3. Ditch the cigarettes. Not only is smoking unhealthy, it could also contribute to weakened bones and trigger hot flashes.
  4. Get rid of sweeteners and minimize your sugar intake.
  5. Exercise/increase your physical activity. You might not like it, but your body will thank you for it later. Exercise can help to keep your hormones balanced as well as helping to keep weight gain at bay.
  6. For heart health, limit saturated fats and your salt intake, and eat at least one portion of an oily fish (such as fresh tuna or salmon) a week.
  7. Dress in layers.

    Dress in layers. When you have hot flashes, you’ll appreciate being able to peel clothes off one at a time to alleviate the heat.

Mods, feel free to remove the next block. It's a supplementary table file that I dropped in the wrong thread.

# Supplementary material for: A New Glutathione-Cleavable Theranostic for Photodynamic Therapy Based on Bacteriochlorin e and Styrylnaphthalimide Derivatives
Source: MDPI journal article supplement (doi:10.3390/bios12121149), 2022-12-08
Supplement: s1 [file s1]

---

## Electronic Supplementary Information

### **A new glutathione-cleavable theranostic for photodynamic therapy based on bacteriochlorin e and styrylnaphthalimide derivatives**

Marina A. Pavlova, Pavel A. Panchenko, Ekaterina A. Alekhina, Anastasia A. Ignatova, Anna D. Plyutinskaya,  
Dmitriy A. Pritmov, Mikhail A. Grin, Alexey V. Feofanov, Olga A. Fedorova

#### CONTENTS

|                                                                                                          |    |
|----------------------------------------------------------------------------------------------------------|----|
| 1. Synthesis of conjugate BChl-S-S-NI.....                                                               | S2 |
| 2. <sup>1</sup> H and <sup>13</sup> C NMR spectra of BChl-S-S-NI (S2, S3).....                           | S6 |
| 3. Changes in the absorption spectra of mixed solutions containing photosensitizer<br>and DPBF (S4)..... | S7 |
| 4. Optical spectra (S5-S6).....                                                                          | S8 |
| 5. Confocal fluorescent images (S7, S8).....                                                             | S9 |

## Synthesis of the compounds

8. Reduce stress. When you’re stressed, your body produces excess cortisol which could cause your body to store fat around the middle – the dreaded menopot. Meditation, journal writing, yoga, deep breathing, stretching and prayer can have significant benefits.
  9. Take your vitamins.
  10. Don’t just rely on your gynecologist to keep you informed on your journey. If possible, find a healthcare provider who specializes in menopause.

Postmenopause can come with feelings of loss: the loss of hope, the loss of our sexual vitality and the loss of power. However, when you’re educated, you can better face the postmenopause challenges that come your way.

Reposted from Midlife-A-Go-Go by Valerie Albarda. All opinions expressed in this post are her own.

This is a sponsored post by TherapeuticsMD, Inc.